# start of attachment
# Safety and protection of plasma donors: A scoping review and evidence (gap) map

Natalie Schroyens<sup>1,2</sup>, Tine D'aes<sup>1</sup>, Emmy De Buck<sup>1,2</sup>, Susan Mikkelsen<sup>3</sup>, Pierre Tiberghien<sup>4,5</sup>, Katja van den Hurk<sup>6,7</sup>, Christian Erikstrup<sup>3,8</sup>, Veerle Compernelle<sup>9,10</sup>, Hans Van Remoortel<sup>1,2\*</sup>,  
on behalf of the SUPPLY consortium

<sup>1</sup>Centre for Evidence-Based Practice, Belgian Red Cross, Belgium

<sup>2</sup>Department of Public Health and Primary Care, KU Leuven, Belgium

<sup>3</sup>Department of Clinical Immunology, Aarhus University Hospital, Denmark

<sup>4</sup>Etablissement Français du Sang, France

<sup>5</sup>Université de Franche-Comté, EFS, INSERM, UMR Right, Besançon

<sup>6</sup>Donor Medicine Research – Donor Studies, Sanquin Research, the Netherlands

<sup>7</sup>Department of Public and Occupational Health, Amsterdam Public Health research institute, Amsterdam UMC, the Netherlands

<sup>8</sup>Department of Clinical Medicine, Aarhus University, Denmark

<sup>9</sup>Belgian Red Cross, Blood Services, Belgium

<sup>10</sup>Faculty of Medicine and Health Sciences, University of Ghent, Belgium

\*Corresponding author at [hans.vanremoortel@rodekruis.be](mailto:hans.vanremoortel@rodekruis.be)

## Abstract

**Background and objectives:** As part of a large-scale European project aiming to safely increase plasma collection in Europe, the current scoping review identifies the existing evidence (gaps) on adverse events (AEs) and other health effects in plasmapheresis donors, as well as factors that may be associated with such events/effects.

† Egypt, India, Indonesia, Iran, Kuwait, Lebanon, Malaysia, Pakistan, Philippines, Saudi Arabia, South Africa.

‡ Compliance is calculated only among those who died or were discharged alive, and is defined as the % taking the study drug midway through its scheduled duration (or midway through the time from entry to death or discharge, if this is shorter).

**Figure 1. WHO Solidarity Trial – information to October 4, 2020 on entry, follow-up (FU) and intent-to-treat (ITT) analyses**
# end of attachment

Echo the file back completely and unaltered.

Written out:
# Safety and protection of plasma donors: A scoping review and evidence (gap) map

Natalie Schroyens<sup>1,2</sup>, Tine D'aes<sup>1</sup>, Emmy De Buck<sup>1,2</sup>, Susan Mikkelsen<sup>3</sup>, Pierre Tiberghien<sup>4,5</sup>, Katja van den Hurk<sup>6,7</sup>, Christian Erikstrup<sup>3,8</sup>, Veerle Compernelle<sup>9,10</sup>, Hans Van Remoortel<sup>1,2\*</sup>,  
on behalf of the SUPPLY consortium

<sup>1</sup>Centre for Evidence-Based Practice, Belgian Red Cross, Belgium

<sup>2</sup>Department of Public Health and Primary Care, KU Leuven, Belgium

<sup>3</sup>Department of Clinical Immunology, Aarhus University Hospital, Denmark

<sup>4</sup>Etablissement Français du Sang, France

<sup>5</sup>Université de Franche-Comté, EFS, INSERM, UMR Right, Besançon

<sup>6</sup>Donor Medicine Research – Donor Studies, Sanquin Research, the Netherlands

<sup>7</sup>Department of Public and Occupational Health, Amsterdam Public Health research institute, Amsterdam UMC, the Netherlands

<sup>8</sup>Department of Clinical Medicine, Aarhus University, Denmark

<sup>9</sup>Belgian Red Cross, Blood Services, Belgium

<sup>10</sup>Faculty of Medicine and Health Sciences, University of Ghent, Belgium

\*Corresponding author at [hans.vanremoortel@rodekruis.be](mailto:hans.vanremoortel@rodekruis.be)

## Abstract

**Background and objectives:** As part of a large-scale European project aiming to safely increase plasma collection in Europe, the current scoping review identifies the existing evidence (gaps) on adverse events (AEs) and other health effects in plasmapheresis donors, as well as factors that may be associated with such events/effects.

† Egypt, India, Indonesia, Iran, Kuwait, Lebanon, Malaysia, Pakistan, Philippines, Saudi Arabia, South Africa.

‡ Compliance is calculated only among those who died or were discharged alive, and is defined as the % taking the study drug midway through its scheduled duration (or midway through the time from entry to death or discharge, if this is shorter).

**Figure 1. WHO Solidarity Trial – information to October 4, 2020 on entry, follow-up (FU) and intent-to-treat (ITT) analyses**